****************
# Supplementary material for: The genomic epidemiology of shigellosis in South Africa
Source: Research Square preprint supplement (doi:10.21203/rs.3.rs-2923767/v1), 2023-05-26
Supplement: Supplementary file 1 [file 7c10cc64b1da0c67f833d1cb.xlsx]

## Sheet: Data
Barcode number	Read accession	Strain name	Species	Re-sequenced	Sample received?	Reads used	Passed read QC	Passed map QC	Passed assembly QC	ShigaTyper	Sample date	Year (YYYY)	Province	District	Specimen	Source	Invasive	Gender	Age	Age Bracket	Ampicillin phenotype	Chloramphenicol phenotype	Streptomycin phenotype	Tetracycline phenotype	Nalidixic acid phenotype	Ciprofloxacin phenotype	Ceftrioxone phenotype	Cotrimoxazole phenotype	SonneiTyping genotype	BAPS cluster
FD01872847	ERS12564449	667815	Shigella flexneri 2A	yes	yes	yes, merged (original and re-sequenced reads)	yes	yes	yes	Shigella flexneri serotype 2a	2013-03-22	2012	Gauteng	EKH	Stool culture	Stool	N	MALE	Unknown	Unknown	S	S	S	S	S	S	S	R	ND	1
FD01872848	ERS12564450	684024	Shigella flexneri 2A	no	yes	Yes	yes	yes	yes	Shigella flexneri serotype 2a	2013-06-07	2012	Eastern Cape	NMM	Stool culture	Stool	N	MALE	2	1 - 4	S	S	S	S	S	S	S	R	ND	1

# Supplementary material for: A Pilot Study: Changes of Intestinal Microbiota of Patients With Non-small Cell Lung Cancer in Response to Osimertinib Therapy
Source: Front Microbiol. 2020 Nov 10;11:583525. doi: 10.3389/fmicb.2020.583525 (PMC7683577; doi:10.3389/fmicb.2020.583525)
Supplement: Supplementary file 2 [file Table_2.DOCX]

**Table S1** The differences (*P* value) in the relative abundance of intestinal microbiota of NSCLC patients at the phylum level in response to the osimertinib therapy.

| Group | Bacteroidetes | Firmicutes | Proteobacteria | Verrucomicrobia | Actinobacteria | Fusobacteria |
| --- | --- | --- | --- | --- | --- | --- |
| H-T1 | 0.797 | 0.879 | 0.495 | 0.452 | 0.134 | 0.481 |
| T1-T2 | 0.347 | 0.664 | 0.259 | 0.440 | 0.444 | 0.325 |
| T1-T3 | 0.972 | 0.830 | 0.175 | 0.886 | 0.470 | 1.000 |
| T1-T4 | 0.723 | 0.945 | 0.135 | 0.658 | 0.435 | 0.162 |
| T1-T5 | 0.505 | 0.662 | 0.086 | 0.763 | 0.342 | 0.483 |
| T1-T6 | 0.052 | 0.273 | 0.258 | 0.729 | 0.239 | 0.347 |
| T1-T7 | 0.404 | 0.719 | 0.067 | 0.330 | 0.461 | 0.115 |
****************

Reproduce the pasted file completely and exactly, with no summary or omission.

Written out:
# Supplementary material for: The genomic epidemiology of shigellosis in South Africa
Source: Research Square preprint supplement (doi:10.21203/rs.3.rs-2923767/v1), 2023-05-26
Supplement: Supplementary file 1 [file 7c10cc64b1da0c67f833d1cb.xlsx]

## Sheet: Data
Barcode number	Read accession	Strain name	Species	Re-sequenced	Sample received?	Reads used	Passed read QC	Passed map QC	Passed assembly QC	ShigaTyper	Sample date	Year (YYYY)	Province	District	Specimen	Source	Invasive	Gender	Age	Age Bracket	Ampicillin phenotype	Chloramphenicol phenotype	Streptomycin phenotype	Tetracycline phenotype	Nalidixic acid phenotype	Ciprofloxacin phenotype	Ceftrioxone phenotype	Cotrimoxazole phenotype	SonneiTyping genotype	BAPS cluster
FD01872847	ERS12564449	667815	Shigella flexneri 2A	yes	yes	yes, merged (original and re-sequenced reads)	yes	yes	yes	Shigella flexneri serotype 2a	2013-03-22	2012	Gauteng	EKH	Stool culture	Stool	N	MALE	Unknown	Unknown	S	S	S	S	S	S	S	R	ND	1
FD01872848	ERS12564450	684024	Shigella flexneri 2A	no	yes	Yes	yes	yes	yes	Shigella flexneri serotype 2a	2013-06-07	2012	Eastern Cape	NMM	Stool culture	Stool	N	MALE	2	1 - 4	S	S	S	S	S	S	S	R	ND	1

# Supplementary material for: A Pilot Study: Changes of Intestinal Microbiota of Patients With Non-small Cell Lung Cancer in Response to Osimertinib Therapy
Source: Front Microbiol. 2020 Nov 10;11:583525. doi: 10.3389/fmicb.2020.583525 (PMC7683577; doi:10.3389/fmicb.2020.583525)
Supplement: Supplementary file 2 [file Table_2.DOCX]

**Table S1** The differences (*P* value) in the relative abundance of intestinal microbiota of NSCLC patients at the phylum level in response to the osimertinib therapy.

| Group | Bacteroidetes | Firmicutes | Proteobacteria | Verrucomicrobia | Actinobacteria | Fusobacteria |
| --- | --- | --- | --- | --- | --- | --- |
| H-T1 | 0.797 | 0.879 | 0.495 | 0.452 | 0.134 | 0.481 |
| T1-T2 | 0.347 | 0.664 | 0.259 | 0.440 | 0.444 | 0.325 |
| T1-T3 | 0.972 | 0.830 | 0.175 | 0.886 | 0.470 | 1.000 |
| T1-T4 | 0.723 | 0.945 | 0.135 | 0.658 | 0.435 | 0.162 |
| T1-T5 | 0.505 | 0.662 | 0.086 | 0.763 | 0.342 | 0.483 |
| T1-T6 | 0.052 | 0.273 | 0.258 | 0.729 | 0.239 | 0.347 |
| T1-T7 | 0.404 | 0.719 | 0.067 | 0.330 | 0.461 | 0.115 |